“Fashion is very important. It is life-enhancing and, like everything that gives pleasure, it is worth doing well.” —Vivienne Westwood
Because it’s all more a bit complex than you might think…
I’ve listed the most important fashion labels when it comes to fair trade clothing.
Becoming a member of the World Trade Organization is only possible if a company provides evidence that it correctly applies their ten fair trade principles. The company must:
1) Create opportunities for those who are less fortunate.
2) Be transparent when it comes to their production process
3) Execute honest trade
4) Pay fair wages
5) Do not force anyone to work
6) No child labor
7) Guarantee equality
8) Have good working conditions
9) Capacity building
10) show respect for the environment
Fair trade international
The former Max Havelaar is committed to certifying Fairtrade cotton, for which it wants to give the cotton farmers a fair price. Since June 2016, Fairtrade International certifies the entire production chain and therefore also focuses on confection and on other fabrics besides cotton. Control body Flo-Cert checks the production process before a brand can receive the Fairtrade label.
Fair wear foundation
Is a multi stakeholder initiative controlled by employers, trade unions and non-governmental organizations. Becoming a member of the fair wear foundation is an indication that a company is working on improving the working conditions in the sewing workshops. It includes a commitment and support platform for companies that want to work step by step in fair fashion.
Better cotton initiative
Cotton initiative works, among other things, on transferring knowledge about how cotton can be grown with fewer pesticides, with more efficient use of water while maintaining good soil quality and biodiversity. Better cotton initiative also pays attention to working conditions, especially on larger cotton plantations.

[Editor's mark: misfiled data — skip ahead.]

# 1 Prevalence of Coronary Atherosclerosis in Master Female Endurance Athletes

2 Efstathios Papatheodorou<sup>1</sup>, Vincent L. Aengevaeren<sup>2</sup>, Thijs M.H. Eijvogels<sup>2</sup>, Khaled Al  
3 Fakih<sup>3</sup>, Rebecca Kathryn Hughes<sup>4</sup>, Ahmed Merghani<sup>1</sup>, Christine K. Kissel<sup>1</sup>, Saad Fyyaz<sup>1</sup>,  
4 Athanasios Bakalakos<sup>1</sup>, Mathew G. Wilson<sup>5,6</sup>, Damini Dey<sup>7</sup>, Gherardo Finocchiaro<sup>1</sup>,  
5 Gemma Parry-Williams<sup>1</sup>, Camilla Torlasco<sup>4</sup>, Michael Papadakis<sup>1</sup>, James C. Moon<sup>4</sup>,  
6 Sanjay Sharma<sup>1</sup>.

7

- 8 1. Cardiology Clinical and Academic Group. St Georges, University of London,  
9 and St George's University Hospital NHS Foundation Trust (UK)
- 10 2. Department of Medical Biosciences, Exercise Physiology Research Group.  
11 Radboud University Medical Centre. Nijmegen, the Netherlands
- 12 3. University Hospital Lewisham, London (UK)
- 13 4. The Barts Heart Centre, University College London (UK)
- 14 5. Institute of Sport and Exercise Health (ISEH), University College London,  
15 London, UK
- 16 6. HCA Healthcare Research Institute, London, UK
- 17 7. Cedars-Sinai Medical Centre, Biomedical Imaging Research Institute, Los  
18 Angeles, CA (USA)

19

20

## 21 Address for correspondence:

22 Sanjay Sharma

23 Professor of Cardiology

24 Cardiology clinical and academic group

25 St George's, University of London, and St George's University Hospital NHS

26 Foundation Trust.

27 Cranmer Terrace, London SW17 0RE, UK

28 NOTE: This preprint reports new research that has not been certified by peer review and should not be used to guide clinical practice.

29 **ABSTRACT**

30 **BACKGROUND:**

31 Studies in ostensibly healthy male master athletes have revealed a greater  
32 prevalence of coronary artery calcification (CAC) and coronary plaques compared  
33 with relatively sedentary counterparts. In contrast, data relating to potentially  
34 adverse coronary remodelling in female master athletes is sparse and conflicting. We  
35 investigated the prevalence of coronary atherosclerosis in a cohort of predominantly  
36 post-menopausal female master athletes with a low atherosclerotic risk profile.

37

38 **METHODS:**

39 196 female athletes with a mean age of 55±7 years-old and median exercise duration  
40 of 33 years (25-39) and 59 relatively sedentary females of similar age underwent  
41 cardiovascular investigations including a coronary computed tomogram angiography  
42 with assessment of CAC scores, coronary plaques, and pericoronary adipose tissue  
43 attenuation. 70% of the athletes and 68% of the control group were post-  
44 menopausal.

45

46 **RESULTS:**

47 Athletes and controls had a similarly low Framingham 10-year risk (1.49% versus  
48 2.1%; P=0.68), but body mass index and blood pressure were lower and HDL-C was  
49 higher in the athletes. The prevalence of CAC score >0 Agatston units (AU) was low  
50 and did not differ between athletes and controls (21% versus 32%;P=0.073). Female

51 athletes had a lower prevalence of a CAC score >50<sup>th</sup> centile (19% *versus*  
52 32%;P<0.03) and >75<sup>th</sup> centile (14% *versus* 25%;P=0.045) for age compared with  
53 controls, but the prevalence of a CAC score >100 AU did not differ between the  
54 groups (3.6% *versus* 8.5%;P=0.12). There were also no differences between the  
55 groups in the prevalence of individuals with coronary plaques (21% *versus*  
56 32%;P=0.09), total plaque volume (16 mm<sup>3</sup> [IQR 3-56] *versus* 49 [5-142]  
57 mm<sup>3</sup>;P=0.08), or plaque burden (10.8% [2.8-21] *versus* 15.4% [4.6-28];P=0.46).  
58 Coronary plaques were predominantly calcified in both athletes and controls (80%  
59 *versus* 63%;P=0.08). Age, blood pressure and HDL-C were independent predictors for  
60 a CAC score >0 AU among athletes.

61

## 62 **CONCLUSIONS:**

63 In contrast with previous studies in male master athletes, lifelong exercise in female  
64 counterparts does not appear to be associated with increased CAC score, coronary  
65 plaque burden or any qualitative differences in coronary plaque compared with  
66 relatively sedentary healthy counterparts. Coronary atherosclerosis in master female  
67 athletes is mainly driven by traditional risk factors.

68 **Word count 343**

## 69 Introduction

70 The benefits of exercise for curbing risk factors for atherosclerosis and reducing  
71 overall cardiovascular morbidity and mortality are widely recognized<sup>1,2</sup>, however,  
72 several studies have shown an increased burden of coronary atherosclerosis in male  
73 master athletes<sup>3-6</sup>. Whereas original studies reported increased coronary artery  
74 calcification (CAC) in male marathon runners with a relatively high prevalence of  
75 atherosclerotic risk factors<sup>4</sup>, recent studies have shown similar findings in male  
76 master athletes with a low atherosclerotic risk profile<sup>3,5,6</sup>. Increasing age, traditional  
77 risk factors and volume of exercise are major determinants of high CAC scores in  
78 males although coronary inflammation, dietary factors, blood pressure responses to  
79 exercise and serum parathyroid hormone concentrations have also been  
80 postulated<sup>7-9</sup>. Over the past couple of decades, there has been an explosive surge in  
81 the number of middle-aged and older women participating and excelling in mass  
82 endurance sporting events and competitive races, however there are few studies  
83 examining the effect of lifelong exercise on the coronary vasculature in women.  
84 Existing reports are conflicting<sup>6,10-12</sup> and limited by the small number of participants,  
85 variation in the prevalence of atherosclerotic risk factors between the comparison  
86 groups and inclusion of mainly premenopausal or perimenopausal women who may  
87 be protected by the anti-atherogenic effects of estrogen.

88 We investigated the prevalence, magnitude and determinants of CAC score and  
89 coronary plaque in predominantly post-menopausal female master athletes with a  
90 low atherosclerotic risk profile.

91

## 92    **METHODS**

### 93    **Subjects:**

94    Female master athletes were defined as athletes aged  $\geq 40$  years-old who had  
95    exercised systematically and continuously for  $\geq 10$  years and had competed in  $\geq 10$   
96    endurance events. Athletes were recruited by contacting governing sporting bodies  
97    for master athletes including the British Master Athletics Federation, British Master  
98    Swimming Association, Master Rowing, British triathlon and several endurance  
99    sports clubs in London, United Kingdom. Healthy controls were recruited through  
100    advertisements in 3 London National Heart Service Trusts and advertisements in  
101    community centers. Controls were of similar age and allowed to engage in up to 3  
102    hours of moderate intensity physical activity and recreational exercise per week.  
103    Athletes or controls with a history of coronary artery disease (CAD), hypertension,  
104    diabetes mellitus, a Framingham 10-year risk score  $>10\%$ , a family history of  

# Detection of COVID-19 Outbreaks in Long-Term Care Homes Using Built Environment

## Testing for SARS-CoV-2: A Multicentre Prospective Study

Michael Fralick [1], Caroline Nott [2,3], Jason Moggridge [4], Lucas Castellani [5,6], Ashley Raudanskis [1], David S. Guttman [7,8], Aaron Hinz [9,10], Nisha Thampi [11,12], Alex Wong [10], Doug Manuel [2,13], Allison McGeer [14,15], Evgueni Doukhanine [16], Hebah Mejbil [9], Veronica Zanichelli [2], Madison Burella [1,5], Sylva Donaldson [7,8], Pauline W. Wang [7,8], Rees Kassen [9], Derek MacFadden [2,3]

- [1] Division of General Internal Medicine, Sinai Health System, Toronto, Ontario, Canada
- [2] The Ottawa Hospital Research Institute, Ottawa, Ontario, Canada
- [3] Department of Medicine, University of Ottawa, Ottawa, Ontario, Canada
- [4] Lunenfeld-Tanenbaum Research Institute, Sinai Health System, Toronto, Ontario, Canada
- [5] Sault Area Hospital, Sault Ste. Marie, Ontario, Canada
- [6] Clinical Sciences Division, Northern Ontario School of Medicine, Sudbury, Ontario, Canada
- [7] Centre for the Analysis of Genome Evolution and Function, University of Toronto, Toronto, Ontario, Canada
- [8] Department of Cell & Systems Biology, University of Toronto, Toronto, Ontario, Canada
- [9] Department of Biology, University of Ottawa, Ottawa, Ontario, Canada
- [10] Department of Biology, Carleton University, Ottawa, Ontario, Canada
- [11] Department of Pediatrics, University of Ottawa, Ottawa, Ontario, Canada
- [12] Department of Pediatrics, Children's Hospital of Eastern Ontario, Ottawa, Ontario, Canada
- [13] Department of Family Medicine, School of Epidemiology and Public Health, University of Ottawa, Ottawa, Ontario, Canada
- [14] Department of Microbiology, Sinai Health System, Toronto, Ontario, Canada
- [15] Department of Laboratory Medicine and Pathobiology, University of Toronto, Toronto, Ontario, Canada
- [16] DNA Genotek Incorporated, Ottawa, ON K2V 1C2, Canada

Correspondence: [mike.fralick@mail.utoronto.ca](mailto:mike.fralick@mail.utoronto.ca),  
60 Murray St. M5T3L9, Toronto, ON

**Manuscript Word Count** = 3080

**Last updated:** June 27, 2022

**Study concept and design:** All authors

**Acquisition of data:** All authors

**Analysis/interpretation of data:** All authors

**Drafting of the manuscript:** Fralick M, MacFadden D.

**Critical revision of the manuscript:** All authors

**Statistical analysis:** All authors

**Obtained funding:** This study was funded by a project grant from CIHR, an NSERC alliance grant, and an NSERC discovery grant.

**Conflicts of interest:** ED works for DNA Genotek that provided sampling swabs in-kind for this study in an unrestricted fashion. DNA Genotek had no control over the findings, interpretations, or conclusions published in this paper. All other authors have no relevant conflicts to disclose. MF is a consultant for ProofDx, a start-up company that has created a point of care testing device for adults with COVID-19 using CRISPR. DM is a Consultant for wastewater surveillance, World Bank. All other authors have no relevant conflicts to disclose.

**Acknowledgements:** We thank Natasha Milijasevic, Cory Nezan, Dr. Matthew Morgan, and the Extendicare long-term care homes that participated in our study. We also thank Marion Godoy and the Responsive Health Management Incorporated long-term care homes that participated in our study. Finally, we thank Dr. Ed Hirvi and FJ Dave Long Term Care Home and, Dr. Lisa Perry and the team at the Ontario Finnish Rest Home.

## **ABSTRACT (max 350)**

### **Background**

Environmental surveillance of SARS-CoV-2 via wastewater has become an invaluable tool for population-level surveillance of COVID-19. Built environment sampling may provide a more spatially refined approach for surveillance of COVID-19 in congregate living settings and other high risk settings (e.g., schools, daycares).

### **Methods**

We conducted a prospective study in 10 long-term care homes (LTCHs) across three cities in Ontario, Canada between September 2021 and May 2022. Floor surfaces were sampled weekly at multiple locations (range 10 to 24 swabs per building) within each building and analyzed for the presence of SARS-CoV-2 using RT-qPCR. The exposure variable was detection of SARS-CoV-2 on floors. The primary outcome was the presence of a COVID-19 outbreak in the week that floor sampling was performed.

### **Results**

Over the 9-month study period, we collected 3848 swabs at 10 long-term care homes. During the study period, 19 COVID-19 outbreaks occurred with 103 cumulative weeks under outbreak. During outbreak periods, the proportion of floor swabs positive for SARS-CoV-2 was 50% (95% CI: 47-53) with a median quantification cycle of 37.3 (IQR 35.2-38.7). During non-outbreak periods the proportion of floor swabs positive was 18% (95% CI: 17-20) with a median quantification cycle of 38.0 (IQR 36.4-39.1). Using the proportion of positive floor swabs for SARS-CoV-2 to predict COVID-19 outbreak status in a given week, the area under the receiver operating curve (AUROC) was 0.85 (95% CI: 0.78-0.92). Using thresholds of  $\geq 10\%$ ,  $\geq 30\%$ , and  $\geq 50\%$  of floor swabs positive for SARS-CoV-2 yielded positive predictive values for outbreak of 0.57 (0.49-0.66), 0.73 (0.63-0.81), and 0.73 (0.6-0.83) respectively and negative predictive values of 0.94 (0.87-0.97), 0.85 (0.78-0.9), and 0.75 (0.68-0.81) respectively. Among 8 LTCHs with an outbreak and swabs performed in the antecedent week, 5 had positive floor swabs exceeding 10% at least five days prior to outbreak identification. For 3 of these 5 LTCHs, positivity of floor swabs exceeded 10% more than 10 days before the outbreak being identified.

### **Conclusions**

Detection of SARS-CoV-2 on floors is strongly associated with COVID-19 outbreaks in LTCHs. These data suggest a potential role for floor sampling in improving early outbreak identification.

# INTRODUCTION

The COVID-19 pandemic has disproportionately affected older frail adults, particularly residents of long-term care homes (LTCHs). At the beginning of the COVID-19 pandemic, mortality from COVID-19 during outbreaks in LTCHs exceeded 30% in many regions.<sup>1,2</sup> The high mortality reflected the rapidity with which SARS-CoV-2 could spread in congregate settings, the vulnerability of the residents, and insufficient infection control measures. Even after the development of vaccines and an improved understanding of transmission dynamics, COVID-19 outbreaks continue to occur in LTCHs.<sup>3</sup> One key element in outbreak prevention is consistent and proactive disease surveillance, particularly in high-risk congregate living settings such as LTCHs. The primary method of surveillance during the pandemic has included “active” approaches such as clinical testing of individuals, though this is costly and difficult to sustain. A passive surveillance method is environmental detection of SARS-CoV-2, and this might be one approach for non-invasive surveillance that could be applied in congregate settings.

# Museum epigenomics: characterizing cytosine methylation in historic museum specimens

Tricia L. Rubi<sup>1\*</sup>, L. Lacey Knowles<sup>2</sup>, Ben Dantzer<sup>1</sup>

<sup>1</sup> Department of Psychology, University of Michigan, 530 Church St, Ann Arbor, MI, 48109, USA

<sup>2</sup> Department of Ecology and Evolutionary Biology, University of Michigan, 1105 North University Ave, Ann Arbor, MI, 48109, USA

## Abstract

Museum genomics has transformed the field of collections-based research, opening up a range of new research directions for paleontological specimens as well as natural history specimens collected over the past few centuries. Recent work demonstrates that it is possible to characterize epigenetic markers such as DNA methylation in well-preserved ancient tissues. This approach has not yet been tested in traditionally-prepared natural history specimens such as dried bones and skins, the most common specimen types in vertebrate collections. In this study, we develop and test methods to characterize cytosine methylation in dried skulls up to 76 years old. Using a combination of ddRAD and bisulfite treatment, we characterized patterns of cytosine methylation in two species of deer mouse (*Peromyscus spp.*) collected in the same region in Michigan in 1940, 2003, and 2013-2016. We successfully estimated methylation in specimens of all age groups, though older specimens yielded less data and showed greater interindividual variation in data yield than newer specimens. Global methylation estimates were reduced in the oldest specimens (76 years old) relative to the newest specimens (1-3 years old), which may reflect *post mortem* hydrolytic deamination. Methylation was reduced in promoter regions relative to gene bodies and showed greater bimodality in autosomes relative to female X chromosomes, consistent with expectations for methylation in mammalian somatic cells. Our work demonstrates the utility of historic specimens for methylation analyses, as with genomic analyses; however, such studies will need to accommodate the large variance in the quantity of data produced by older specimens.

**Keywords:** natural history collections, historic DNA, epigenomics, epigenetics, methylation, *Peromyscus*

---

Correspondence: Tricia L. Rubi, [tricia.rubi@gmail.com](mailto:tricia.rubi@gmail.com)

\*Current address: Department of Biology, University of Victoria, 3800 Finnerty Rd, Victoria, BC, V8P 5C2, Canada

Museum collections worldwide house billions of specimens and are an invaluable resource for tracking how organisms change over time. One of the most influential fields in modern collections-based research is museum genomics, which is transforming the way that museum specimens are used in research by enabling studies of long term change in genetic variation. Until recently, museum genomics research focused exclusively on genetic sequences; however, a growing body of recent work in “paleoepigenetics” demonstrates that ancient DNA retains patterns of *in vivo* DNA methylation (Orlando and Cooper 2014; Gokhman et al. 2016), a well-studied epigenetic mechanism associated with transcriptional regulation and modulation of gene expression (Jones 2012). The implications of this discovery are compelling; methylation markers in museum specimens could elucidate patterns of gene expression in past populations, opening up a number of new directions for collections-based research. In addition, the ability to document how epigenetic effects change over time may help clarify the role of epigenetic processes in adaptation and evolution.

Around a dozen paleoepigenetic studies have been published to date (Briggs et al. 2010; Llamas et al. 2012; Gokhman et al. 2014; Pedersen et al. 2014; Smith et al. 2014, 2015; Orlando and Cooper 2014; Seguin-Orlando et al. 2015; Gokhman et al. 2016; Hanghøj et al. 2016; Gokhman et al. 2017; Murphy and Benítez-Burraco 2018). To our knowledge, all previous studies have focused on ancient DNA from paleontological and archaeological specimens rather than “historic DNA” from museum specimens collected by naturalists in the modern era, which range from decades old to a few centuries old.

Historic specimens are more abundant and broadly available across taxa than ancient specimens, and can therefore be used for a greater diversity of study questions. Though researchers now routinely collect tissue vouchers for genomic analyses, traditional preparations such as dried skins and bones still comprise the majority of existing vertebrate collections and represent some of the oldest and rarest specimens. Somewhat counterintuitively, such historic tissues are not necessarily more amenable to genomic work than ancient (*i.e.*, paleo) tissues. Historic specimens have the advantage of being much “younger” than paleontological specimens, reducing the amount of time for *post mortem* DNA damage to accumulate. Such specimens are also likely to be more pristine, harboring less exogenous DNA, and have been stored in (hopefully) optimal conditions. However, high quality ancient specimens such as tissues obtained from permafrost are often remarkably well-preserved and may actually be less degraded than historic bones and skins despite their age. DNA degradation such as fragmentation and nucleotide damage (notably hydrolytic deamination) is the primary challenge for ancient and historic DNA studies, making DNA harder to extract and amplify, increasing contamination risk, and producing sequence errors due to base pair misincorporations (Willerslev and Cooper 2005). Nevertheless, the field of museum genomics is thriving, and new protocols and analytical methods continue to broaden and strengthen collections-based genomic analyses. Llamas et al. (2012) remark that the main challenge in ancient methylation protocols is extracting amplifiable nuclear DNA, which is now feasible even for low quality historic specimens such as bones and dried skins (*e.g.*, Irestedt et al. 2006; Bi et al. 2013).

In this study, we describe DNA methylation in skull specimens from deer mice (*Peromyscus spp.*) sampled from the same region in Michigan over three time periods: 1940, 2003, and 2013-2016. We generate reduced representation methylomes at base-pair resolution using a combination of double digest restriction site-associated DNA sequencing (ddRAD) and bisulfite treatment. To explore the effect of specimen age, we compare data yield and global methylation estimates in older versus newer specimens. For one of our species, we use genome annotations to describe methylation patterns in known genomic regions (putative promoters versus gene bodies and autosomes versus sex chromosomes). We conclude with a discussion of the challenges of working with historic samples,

Organic cotton standard
The organic cotton standard tries to guarantee the traceability of raw materials during the processing. OCS 100 is a label for products that consist of 95% biological material. OCS blended is made from mixed fibers, which consist of at least 5 percent of biological materials to make cotton 95 percent less harmful.
The global recycled standard certifies all steps of the production process for recycling. The purpose of the label is to check the integrity of the recycled product.
Gold: 95 to 100 pct recycled material.
Silver: 70 to 95 pct recycled material.
Bronze: From 30 pct
The recycled claim standard certifies the proportion of recycled material in clothing:
for RCS 100, 95 to 100 pc of the garment consists of recycling, with RCS Blended it amounts to 5 to 95 pc
ISO develops standards such as ISO 9001 for quality management and ISO 14001 for environmental measures of specific production sites. If a clothing brand says that they have an ISO 14001 certificate, this probably means that they have an environmental management system within their own operations that is aiming for constant improvement. Because clothing is often produced outside of Belgium, this label is usually not indicative of the garments sustainability.